The article encourages the victim of workplace bullying to make careful records of all bullying related incidents and guides the reader to use the laws to his/her best benefits. It also guides the reader to confront the bullying superiors correctly.

Macartan Mulligan, Co-Founder of NoBullying.com, said “We released this guide as we have found that parents and educators have a hard time getting the full picture on what is workplace bullying. This guide walks our reader through the sad epidemic of workplace bullying and educates them on how to combat it properly.”

He added that parents and teachers should make a point to educate the younger generations about the sad outcome of bullying online and off line. According to Mulligan, it is quite imperative to press for more firm laws condemning all acts of bullying and harassment.

He also added that anyone suffering from bullying in any form or way can always reach out to the team of NoBullying and they will be given advice on how to stand up to bullying or protect themselves online.

NoBullying.com features many pages dedicated to parents, teens, teachers, health professionals as well as posts related to cyber safety and the latest news about law making concerning curbing Bullying worldwide as well as inspirational Bullying Poems and Bullying Quotes.

The website makes a habit of updating its bullying statistics and cyberbullying statistics regularly because it is essential to understand how widespread the bullying epidemic is.







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Scenario Learning Expands into Workplace Safety with the Launch of SafePersonnel

Cincinnati, Ohio (PRWEB) March 05, 2014

Over the past decade, Scenario Learning has helped thousands of school districts, colleges and insurance partners reduce losses while increasing safety with the SafeSchools and SafeColleges product lines. Now, through the launch of the SafePersonnel suite, the leading developer of safety and compliance solutions is helping non-academic organizations create safer workplaces.

U.S. workplace statistics reveal that nearly 2 million workers are victims of workplace violence each year, one in four women reports workplace harassment and up to one-third of employees experience workplace bullying.

Providing a safe and hazard-free workplace is not just an employer’s responsibility, it is often the law. Workplace safety encompasses a variety of topics, including environmental hazards such as asbestos awareness or hazard communications; illegal employment practices such as discrimination or sexual harassment; and human resource concerns such as workplace bullying and violence prevention. Employers who don’t protect workers may incur OSHA fines, workers’ comp claims or costly lawsuits – all of which are detrimental to any organization.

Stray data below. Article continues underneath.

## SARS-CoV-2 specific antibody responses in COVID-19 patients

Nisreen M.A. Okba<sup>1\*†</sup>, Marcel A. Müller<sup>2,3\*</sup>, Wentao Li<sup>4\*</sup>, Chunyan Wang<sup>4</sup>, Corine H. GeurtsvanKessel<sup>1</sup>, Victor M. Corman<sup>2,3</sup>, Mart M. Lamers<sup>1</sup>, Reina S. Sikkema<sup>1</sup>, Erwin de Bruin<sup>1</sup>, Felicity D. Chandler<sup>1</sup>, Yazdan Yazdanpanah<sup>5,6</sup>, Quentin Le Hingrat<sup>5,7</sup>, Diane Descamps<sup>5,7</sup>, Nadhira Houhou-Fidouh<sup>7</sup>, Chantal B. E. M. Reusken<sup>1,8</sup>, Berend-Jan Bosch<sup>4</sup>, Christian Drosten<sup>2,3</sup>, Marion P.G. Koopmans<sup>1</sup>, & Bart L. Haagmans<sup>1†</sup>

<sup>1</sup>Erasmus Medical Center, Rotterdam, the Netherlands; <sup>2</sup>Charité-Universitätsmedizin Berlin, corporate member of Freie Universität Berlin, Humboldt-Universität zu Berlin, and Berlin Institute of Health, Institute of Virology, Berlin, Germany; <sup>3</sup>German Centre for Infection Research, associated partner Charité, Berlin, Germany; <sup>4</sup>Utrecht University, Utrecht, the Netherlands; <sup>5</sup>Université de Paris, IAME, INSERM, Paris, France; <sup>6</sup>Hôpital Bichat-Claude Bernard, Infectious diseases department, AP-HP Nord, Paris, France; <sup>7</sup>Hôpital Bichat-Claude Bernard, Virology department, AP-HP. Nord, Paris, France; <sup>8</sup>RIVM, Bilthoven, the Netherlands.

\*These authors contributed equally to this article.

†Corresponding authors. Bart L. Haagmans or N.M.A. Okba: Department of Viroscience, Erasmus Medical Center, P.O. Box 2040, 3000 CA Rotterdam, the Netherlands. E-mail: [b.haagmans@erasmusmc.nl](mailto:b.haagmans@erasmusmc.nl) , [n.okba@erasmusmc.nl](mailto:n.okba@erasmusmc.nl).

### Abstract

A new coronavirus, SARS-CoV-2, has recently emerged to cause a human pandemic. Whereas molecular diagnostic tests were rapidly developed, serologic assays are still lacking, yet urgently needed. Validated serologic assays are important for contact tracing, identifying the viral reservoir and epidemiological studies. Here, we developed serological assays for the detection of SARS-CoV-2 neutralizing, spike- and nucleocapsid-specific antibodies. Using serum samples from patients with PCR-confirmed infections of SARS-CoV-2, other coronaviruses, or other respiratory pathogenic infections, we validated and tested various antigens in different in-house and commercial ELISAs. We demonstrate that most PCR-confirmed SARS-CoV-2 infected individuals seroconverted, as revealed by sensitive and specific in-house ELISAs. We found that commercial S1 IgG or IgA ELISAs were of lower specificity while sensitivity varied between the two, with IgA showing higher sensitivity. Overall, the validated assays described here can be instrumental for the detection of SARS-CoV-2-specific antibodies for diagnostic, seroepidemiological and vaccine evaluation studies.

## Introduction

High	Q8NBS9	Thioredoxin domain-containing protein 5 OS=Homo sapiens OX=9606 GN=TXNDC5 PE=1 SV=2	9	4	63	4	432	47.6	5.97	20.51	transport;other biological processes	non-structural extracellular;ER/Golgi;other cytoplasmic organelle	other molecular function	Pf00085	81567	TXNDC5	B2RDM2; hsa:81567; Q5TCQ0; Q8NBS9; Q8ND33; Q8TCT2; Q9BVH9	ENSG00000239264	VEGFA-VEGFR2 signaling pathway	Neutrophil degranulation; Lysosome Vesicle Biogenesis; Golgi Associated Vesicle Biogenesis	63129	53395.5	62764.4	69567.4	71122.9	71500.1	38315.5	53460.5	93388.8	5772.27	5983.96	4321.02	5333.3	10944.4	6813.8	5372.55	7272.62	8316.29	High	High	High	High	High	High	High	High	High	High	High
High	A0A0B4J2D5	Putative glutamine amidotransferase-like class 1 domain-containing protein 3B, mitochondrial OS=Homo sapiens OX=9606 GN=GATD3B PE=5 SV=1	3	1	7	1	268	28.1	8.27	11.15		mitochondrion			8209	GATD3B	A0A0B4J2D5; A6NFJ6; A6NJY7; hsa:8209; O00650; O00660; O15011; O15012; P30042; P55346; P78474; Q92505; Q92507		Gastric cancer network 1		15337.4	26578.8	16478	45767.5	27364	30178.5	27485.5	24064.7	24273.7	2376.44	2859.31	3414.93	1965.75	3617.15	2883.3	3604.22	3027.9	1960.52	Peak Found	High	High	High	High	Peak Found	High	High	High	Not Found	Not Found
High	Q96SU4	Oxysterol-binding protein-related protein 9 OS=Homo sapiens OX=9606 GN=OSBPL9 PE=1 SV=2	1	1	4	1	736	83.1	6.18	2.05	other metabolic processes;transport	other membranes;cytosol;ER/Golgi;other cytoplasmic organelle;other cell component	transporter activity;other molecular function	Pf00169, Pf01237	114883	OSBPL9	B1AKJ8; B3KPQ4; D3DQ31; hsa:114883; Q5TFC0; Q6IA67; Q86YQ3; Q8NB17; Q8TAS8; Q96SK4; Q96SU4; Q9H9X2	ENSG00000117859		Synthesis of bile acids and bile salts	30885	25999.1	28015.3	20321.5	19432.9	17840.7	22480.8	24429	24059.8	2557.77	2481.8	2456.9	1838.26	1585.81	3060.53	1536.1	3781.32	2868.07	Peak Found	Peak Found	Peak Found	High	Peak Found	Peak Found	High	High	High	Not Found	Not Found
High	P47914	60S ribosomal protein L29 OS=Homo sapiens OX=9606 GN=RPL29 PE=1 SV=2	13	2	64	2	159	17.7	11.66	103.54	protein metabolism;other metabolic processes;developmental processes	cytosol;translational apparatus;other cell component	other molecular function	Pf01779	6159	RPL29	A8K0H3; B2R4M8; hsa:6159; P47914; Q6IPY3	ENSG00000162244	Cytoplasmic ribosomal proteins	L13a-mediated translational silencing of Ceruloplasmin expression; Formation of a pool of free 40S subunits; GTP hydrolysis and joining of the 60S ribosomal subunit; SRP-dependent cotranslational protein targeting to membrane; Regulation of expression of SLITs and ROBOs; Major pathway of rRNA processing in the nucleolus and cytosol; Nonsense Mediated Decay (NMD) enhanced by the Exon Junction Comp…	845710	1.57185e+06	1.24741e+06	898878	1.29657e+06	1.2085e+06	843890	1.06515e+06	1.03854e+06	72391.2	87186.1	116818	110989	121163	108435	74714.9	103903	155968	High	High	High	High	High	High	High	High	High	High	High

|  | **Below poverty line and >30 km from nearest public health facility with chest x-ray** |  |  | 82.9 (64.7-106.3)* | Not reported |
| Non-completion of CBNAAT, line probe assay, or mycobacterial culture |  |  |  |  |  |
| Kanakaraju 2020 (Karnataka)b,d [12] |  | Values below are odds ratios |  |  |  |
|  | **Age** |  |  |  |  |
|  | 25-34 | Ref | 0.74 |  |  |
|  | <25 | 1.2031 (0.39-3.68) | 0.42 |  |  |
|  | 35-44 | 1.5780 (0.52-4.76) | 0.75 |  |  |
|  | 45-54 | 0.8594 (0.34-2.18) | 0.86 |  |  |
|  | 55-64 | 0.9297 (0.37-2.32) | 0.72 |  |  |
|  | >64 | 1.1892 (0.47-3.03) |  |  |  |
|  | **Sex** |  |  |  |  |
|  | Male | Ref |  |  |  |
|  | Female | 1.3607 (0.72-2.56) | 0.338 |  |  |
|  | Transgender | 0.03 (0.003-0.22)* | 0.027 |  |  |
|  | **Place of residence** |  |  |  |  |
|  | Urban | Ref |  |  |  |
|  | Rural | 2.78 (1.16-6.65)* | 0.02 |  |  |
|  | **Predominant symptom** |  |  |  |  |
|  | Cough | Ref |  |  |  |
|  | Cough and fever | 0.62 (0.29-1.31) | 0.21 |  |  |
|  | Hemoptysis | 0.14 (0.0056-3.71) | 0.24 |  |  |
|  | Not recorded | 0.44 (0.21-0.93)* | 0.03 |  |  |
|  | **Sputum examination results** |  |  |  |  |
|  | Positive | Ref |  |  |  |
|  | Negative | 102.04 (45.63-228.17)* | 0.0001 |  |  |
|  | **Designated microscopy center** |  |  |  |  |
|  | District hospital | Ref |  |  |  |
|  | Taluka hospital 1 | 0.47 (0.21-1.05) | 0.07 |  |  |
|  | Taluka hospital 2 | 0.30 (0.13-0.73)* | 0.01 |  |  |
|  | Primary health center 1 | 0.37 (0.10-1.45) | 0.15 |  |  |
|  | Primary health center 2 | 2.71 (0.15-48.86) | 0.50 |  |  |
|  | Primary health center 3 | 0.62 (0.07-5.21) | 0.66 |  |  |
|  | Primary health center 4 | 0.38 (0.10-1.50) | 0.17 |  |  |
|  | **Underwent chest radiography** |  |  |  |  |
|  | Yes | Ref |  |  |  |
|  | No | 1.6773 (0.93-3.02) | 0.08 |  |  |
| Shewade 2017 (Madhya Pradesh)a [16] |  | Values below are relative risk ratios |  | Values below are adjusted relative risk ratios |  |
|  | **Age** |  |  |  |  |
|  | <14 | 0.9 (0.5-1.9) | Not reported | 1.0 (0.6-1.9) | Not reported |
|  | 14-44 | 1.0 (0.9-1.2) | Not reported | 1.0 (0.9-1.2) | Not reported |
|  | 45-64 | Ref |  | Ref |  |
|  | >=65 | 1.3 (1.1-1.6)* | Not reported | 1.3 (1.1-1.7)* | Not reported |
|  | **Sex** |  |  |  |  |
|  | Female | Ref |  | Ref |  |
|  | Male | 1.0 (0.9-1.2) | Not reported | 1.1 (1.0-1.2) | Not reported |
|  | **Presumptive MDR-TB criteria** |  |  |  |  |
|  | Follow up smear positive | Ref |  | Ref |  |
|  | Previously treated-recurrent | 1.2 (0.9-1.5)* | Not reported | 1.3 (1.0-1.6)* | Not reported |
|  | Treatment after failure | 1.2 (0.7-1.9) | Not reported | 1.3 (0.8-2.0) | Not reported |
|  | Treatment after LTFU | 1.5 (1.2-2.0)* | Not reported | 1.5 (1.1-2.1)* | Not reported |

The SafePersonnel suite can help employers provide safer workplaces and has been customized for municipalities, non-profits, businesses and other non-academic organizations. The suite includes solutions for staff training and compliance management, safety incident reporting and tracking, and Safety Data Sheets (SDS) and chemical inventory management.

”We developed the SafePersonnel product line because of the terrific success that our education customers have had with SafeSchools and SafeColleges,” said Scenario Learning CEO Brian Taylor. “Many of our customers, who have implemented the programs well, have reduced losses by more than 50 percent, saving hundreds of thousands of dollars a year, all while increasing safety. We want to deliver these same benefits to other organizations as well.”

Long-time Scenario Learning partners, Keenan, the largest privately held insurance brokerage/consulting firm in California, and the Special Districts Association of Oregon (SDAO) have already implemented the SafePersonnel Staff Training and Compliance Management System for their municipality clients.

The SafePersonnel Staff Training System includes a comprehensive library of expert-authored courses on workplace safety topics. The system allows managers to easily assign training, and automatically tracks training completions in real-time. Employees say they like the flexibility that online training provides, allowing them to complete training from any web-enabled device.

For more information, visit the SafePersonnel website or call Brian Leukering, SafePersonnel Program Manager at 800.434.0154.

About Scenario Learning

Scenario Learning develops award-winning safety and compliance solutions that help create safer schools and workplaces. The company’s web-based product portfolio includes solutions for staff training, bullying/incident reporting and tracking, accident tracking, and SDS management for the education and business markets. Known best for its market-leading SafeSchools suite of K-12 products, Scenario Learning partners with thousands of school districts, colleges, insurance providers and businesses around the world. For more information, visit http://www.scenariolearning.com.